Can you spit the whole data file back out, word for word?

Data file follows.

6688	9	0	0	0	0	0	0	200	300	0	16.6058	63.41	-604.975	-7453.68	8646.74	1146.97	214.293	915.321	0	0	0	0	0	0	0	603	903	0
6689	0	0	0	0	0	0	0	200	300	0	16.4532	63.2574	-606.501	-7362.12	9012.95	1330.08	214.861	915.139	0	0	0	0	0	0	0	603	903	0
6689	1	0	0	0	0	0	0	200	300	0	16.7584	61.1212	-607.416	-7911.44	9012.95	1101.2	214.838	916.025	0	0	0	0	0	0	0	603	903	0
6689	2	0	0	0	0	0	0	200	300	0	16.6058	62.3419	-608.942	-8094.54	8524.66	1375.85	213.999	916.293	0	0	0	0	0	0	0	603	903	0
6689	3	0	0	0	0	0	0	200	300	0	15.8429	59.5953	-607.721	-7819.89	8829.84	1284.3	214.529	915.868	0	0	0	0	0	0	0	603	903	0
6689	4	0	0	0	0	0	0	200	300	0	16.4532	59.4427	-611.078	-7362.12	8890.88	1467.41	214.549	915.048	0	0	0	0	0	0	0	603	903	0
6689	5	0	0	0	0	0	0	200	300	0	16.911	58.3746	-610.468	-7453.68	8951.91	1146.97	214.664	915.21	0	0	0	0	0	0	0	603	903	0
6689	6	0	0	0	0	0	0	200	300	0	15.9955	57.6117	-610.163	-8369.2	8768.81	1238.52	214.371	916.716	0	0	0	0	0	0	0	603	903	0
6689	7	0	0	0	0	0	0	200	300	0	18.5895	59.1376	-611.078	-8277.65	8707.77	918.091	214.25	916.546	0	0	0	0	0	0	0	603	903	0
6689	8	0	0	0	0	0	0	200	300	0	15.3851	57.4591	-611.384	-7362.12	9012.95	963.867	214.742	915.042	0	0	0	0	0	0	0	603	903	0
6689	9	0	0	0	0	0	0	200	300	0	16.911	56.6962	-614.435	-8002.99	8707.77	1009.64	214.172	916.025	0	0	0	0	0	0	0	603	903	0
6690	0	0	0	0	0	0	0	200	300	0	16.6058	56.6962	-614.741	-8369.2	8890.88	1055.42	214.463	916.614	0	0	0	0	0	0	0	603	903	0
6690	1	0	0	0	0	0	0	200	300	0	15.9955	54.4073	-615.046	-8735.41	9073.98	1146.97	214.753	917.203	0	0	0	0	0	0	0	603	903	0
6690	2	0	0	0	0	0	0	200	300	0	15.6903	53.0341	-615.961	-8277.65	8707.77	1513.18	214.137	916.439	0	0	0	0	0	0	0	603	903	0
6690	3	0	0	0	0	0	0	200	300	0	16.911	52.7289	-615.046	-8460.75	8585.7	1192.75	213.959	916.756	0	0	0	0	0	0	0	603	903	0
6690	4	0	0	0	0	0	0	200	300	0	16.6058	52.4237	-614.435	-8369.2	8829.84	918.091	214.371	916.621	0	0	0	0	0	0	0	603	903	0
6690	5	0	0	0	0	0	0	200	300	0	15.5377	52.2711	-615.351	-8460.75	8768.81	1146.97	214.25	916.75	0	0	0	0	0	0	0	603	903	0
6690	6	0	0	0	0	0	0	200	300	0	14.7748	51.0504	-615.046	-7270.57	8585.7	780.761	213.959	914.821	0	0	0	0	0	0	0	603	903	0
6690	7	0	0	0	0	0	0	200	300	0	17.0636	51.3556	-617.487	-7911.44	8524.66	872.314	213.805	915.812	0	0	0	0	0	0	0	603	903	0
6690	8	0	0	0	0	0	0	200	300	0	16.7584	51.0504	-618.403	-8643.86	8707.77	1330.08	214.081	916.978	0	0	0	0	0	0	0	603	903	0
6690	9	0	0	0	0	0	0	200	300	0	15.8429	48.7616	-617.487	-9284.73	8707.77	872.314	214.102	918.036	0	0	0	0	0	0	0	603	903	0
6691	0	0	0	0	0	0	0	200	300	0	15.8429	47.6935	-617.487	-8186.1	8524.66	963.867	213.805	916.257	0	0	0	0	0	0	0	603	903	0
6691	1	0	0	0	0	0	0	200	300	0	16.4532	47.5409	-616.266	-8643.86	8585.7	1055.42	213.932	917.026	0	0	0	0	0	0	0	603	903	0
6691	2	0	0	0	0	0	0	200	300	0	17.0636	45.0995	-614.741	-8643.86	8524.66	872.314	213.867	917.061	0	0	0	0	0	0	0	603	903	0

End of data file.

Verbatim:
6688	9	0	0	0	0	0	0	200	300	0	16.6058	63.41	-604.975	-7453.68	8646.74	1146.97	214.293	915.321	0	0	0	0	0	0	0	603	903	0
6689	0	0	0	0	0	0	0	200	300	0	16.4532	63.2574	-606.501	-7362.12	9012.95	1330.08	214.861	915.139	0	0	0	0	0	0	0	603	903	0
6689	1	0	0	0	0	0	0	200	300	0	16.7584	61.1212	-607.416	-7911.44	9012.95	1101.2	214.838	916.025	0	0	0	0	0	0	0	603	903	0
6689	2	0	0	0	0	0	0	200	300	0	16.6058	62.3419	-608.942	-8094.54	8524.66	1375.85	213.999	916.293	0	0	0	0	0	0	0	603	903	0
6689	3	0	0	0	0	0	0	200	300	0	15.8429	59.5953	-607.721	-7819.89	8829.84	1284.3	214.529	915.868	0	0	0	0	0	0	0	603	903	0
6689	4	0	0	0	0	0	0	200	300	0	16.4532	59.4427	-611.078	-7362.12	8890.88	1467.41	214.549	915.048	0	0	0	0	0	0	0	603	903	0
6689	5	0	0	0	0	0	0	200	300	0	16.911	58.3746	-610.468	-7453.68	8951.91	1146.97	214.664	915.21	0	0	0	0	0	0	0	603	903	0
6689	6	0	0	0	0	0	0	200	300	0	15.9955	57.6117	-610.163	-8369.2	8768.81	1238.52	214.371	916.716	0	0	0	0	0	0	0	603	903	0
6689	7	0	0	0	0	0	0	200	300	0	18.5895	59.1376	-611.078	-8277.65	8707.77	918.091	214.25	916.546	0	0	0	0	0	0	0	603	903	0
6689	8	0	0	0	0	0	0	200	300	0	15.3851	57.4591	-611.384	-7362.12	9012.95	963.867	214.742	915.042	0	0	0	0	0	0	0	603	903	0
6689	9	0	0	0	0	0	0	200	300	0	16.911	56.6962	-614.435	-8002.99	8707.77	1009.64	214.172	916.025	0	0	0	0	0	0	0	603	903	0
6690	0	0	0	0	0	0	0	200	300	0	16.6058	56.6962	-614.741	-8369.2	8890.88	1055.42	214.463	916.614	0	0	0	0	0	0	0	603	903	0
6690	1	0	0	0	0	0	0	200	300	0	15.9955	54.4073	-615.046	-8735.41	9073.98	1146.97	214.753	917.203	0	0	0	0	0	0	0	603	903	0
6690	2	0	0	0	0	0	0	200	300	0	15.6903	53.0341	-615.961	-8277.65	8707.77	1513.18	214.137	916.439	0	0	0	0	0	0	0	603	903	0
6690	3	0	0	0	0	0	0	200	300	0	16.911	52.7289	-615.046	-8460.75	8585.7	1192.75	213.959	916.756	0	0	0	0	0	0	0	603	903	0
6690	4	0	0	0	0	0	0	200	300	0	16.6058	52.4237	-614.435	-8369.2	8829.84	918.091	214.371	916.621	0	0	0	0	0	0	0	603	903	0
6690	5	0	0	0	0	0	0	200	300	0	15.5377	52.2711	-615.351	-8460.75	8768.81	1146.97	214.25	916.75	0	0	0	0	0	0	0	603	903	0
6690	6	0	0	0	0	0	0	200	300	0	14.7748	51.0504	-615.046	-7270.57	8585.7	780.761	213.959	914.821	0	0	0	0	0	0	0	603	903	0
6690	7	0	0	0	0	0	0	200	300	0	17.0636	51.3556	-617.487	-7911.44	8524.66	872.314	213.805	915.812	0	0	0	0	0	0	0	603	903	0
6690	8	0	0	0	0	0	0	200	300	0	16.7584	51.0504	-618.403	-8643.86	8707.77	1330.08	214.081	916.978	0	0	0	0	0	0	0	603	903	0
6690	9	0	0	0	0	0	0	200	300	0	15.8429	48.7616	-617.487	-9284.73	8707.77	872.314	214.102	918.036	0	0	0	0	0	0	0	603	903	0
6691	0	0	0	0	0	0	0	200	300	0	15.8429	47.6935	-617.487	-8186.1	8524.66	963.867	213.805	916.257	0	0	0	0	0	0	0	603	903	0
6691	1	0	0	0	0	0	0	200	300	0	16.4532	47.5409	-616.266	-8643.86	8585.7	1055.42	213.932	917.026	0	0	0	0	0	0	0	603	903	0
6691	2	0	0	0	0	0	0	200	300	0	17.0636	45.0995	-614.741	-8643.86	8524.66	872.314	213.867	917.061	0	0	0	0	0	0	0	603	903	0